If I speak about this with anyone I hear them describe Instances far more painful than mother’s Relief through comparison - a lessening of pain - what use, seeking peace In the knowledge that someone else’s grief is greater than ours? This is why I do not like to touch on this matter with anyone. Sitting by mother I recognize a similar emotion in my brother’s eyes. How much shall be do, what can he do? Everything possible has already been done. Sister-in-law feeds mother, tends her, cleans her up. We two brothers, so different in temperament, profession, demeanour, sit here side by side on mother’s charpai brought together by an unspoken, shared pain. Sister is more experienced and has seen sorrow and suffering; perhaps that is why she sits by the bed with such composure.

I fear becoming used to mother’s constant muttering. I would not argue with those that call this comardice; something stirs in my mind against time, against fate, against the entire world. My body not with the sun, a restlessness within, propels me on; I wander, daring my very being alive.

As we travel to Dhrangadhra in the bus the sun is at its height; returning I see it sink. Sitting there with my sister I suddenly realise that mother’s voice murmuring her old refrain has awakened in my mind. Outside the dust swirls; the sun is dim in the sandy haze, its edge shining like the clean rim of a polished copper pot. The boa speeds on, the chatter of evening birds gradually subsides; through this the branches of the neem, the green softness of its leaves, fade into the storm and dust, predicting an inescapable moment.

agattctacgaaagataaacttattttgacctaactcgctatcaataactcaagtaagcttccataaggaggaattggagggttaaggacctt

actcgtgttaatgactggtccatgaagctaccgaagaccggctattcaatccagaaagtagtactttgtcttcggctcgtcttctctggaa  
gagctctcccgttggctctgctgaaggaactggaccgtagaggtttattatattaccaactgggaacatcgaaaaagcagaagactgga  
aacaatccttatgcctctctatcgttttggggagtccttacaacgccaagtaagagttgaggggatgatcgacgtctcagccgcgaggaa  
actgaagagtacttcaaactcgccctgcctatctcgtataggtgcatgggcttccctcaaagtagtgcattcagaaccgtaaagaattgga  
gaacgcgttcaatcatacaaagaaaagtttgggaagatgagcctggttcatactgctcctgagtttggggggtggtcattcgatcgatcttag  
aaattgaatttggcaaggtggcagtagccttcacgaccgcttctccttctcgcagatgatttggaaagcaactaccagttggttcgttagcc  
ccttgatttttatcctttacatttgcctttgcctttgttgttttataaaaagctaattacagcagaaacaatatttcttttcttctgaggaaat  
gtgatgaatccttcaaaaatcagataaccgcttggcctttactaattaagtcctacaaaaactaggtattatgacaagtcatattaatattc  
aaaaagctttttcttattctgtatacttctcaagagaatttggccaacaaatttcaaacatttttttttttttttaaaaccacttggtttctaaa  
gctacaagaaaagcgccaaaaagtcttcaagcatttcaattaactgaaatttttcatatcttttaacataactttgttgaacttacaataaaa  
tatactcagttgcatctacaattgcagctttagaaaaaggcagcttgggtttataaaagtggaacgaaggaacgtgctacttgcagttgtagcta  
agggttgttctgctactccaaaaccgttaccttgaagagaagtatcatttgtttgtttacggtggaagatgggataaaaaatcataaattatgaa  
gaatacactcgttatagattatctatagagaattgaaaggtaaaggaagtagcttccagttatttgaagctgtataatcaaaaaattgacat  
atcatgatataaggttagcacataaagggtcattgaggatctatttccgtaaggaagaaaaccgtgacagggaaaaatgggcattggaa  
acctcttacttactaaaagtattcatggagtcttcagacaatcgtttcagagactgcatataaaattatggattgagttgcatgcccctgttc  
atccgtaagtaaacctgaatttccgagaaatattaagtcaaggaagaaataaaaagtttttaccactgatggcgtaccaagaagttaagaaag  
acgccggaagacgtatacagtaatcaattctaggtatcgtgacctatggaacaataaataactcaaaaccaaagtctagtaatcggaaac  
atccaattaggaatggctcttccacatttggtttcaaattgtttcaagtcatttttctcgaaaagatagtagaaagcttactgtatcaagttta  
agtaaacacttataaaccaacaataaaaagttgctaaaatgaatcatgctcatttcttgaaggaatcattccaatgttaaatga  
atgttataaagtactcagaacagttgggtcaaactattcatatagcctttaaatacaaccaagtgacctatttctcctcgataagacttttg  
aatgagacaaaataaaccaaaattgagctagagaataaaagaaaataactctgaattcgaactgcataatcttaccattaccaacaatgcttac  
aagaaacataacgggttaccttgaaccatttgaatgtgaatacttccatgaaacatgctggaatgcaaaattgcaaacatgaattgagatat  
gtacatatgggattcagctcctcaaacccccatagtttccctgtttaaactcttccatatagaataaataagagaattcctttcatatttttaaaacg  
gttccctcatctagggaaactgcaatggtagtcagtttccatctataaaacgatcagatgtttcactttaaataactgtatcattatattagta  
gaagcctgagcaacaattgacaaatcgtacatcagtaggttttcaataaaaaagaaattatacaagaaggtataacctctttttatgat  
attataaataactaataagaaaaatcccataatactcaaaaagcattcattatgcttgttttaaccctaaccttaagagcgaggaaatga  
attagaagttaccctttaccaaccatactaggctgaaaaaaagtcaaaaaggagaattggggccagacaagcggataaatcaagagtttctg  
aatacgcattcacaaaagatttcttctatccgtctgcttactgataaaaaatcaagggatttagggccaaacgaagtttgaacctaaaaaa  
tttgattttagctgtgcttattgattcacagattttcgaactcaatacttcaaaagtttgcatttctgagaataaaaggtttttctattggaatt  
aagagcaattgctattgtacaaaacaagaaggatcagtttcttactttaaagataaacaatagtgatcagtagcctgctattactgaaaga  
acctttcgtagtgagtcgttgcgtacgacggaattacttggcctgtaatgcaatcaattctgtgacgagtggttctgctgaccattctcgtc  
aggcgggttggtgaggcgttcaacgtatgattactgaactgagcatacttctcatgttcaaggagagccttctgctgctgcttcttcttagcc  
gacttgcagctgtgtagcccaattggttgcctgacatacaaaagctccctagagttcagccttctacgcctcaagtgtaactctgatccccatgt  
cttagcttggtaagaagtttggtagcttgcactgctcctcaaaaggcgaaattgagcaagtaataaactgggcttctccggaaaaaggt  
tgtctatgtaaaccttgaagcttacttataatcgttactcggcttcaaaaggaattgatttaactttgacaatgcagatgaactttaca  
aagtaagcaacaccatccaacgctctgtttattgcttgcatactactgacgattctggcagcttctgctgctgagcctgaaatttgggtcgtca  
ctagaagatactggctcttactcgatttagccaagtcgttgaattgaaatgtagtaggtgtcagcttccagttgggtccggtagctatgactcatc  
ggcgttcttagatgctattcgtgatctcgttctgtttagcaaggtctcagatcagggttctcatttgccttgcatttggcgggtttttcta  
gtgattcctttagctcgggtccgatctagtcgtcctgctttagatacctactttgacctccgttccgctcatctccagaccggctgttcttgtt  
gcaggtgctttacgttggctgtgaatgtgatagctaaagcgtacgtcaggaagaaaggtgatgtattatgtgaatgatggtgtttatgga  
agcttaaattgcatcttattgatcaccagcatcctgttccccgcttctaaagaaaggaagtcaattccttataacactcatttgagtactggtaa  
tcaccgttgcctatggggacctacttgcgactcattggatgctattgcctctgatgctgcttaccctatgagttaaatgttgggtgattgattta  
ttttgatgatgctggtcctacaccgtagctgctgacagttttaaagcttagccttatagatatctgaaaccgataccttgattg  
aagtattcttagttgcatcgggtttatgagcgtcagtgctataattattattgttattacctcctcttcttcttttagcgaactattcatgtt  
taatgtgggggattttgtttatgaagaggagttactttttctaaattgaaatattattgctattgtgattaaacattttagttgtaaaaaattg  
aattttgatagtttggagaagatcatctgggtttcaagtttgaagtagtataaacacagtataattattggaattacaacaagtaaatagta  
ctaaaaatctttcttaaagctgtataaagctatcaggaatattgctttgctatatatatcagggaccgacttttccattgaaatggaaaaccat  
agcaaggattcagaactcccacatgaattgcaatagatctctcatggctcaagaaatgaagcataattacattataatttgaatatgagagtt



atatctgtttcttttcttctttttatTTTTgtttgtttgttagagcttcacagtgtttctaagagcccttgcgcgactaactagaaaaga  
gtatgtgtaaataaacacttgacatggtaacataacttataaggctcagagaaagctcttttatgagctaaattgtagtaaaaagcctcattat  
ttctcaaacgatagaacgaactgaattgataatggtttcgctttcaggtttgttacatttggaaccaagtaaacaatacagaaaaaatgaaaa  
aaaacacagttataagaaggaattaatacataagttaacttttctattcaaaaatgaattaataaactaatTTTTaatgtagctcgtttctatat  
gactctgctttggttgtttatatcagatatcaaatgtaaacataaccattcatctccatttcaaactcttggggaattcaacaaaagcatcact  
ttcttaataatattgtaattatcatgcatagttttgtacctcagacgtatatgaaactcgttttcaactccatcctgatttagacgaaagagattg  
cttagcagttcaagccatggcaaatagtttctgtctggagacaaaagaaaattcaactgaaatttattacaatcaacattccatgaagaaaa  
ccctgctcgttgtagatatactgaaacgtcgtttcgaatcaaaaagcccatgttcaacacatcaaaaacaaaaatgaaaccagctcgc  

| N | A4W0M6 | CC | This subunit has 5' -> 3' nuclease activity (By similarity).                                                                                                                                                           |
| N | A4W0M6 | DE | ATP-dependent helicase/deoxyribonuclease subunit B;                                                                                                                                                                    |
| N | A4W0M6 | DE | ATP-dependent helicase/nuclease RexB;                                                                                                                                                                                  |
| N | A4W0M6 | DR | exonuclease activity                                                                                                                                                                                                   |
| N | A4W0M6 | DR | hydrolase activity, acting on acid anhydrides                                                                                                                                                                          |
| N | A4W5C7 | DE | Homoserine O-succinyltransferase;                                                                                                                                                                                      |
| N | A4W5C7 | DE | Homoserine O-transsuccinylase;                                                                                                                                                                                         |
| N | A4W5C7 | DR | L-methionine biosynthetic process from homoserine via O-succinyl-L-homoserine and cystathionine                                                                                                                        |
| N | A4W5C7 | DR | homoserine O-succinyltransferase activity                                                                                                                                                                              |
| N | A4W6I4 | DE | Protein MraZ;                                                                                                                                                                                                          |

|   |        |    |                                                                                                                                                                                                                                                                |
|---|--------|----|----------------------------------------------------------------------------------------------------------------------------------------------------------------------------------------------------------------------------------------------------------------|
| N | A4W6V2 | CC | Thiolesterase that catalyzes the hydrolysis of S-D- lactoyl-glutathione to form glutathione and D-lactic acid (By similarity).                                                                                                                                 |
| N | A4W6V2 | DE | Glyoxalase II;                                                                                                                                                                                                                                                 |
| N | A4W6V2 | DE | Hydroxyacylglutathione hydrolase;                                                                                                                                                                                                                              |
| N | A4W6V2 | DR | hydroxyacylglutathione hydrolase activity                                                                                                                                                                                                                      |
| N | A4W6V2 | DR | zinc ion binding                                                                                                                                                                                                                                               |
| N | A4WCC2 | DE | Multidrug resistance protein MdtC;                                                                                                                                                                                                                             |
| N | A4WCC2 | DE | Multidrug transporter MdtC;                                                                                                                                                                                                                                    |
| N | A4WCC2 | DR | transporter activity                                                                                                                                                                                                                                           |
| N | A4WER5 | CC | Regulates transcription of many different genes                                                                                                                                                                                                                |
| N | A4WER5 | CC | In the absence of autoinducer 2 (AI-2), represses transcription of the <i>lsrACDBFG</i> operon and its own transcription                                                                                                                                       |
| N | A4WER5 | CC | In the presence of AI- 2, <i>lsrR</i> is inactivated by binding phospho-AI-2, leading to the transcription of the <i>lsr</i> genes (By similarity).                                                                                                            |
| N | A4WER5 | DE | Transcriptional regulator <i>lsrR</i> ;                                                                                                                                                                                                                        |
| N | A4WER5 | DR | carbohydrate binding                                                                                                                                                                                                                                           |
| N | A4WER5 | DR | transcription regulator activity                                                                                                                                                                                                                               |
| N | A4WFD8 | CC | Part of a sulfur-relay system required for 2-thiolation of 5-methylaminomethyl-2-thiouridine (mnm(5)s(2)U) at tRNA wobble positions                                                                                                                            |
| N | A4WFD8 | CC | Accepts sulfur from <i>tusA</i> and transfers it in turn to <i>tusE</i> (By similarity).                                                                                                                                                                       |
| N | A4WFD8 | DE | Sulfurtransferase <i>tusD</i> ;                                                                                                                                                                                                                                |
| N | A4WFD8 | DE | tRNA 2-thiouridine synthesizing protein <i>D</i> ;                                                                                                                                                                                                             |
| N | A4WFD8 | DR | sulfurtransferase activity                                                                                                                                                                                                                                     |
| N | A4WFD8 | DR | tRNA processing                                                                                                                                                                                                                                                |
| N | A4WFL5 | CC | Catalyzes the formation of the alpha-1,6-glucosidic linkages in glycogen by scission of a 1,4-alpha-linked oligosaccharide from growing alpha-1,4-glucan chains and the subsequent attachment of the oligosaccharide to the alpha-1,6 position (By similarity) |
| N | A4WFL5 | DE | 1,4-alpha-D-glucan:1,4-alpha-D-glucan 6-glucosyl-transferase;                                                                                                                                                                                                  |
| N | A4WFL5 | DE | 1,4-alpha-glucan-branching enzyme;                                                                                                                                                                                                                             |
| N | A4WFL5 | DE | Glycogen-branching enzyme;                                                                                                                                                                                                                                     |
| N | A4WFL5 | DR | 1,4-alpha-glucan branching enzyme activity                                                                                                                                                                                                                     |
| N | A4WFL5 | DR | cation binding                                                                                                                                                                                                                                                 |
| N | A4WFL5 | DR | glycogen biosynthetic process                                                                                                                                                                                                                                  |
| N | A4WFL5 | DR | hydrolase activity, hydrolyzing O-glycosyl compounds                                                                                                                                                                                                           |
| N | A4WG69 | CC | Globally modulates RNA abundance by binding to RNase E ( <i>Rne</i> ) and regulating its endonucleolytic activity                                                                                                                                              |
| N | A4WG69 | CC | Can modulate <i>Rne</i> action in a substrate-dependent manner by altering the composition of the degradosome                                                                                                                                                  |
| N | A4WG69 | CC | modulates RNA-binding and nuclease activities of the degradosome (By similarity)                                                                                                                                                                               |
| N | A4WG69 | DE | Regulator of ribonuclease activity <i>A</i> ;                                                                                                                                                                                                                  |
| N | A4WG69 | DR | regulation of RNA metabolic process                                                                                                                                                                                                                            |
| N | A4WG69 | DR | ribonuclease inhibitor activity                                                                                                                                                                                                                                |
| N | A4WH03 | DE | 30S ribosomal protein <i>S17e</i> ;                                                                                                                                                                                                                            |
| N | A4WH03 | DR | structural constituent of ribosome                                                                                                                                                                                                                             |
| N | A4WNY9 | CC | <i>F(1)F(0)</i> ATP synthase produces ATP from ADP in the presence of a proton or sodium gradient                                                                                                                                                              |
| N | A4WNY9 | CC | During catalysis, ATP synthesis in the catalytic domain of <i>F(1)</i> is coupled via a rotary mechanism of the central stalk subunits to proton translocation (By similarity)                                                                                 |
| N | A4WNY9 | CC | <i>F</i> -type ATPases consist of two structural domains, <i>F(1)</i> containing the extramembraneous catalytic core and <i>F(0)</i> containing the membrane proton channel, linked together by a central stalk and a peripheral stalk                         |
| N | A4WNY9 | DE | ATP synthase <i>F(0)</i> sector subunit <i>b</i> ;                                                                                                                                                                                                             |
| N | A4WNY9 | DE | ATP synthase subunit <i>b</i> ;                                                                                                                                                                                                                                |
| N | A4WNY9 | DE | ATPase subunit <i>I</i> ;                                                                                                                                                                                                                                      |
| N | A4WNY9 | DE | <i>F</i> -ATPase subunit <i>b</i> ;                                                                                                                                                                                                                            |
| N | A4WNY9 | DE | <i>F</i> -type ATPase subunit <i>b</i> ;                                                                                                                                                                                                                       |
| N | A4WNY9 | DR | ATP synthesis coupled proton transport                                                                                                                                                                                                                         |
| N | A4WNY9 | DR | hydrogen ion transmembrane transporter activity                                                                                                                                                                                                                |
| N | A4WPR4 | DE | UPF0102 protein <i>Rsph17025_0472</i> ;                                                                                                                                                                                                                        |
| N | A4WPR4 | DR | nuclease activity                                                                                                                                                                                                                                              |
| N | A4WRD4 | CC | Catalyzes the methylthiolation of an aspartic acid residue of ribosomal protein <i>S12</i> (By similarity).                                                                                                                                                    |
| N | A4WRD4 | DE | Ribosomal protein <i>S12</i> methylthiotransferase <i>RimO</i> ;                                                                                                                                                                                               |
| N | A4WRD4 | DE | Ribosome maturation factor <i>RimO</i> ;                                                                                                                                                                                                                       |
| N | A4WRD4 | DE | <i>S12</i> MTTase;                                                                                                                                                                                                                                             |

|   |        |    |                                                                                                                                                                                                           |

Now in the cooling evening I see the glow of coals on the hearth, sparks from the fire; over the diminishing sky tiny grey flecks are stuck. The red dust of the road is burnt black. It seems as though my sister and I are together running away somewhere. Returning to our town we see from where we sit someone’s hearth being lit in the recesses of their house; we walk home. On reaching I hear my mother’s low refrain. I eat the evening meal and collapse on my bed on the terrace; over the charpai are scattered fragrant neem flowers. As I drowse, thinking of a Samira and Kabir, the neem tree rustles; the heat begins to melt and a breeze stins. Heavy with the day’s sun and many thoughts my mind swings like the small neem fruit. From below mother mutters, ‘sins of some past life…..’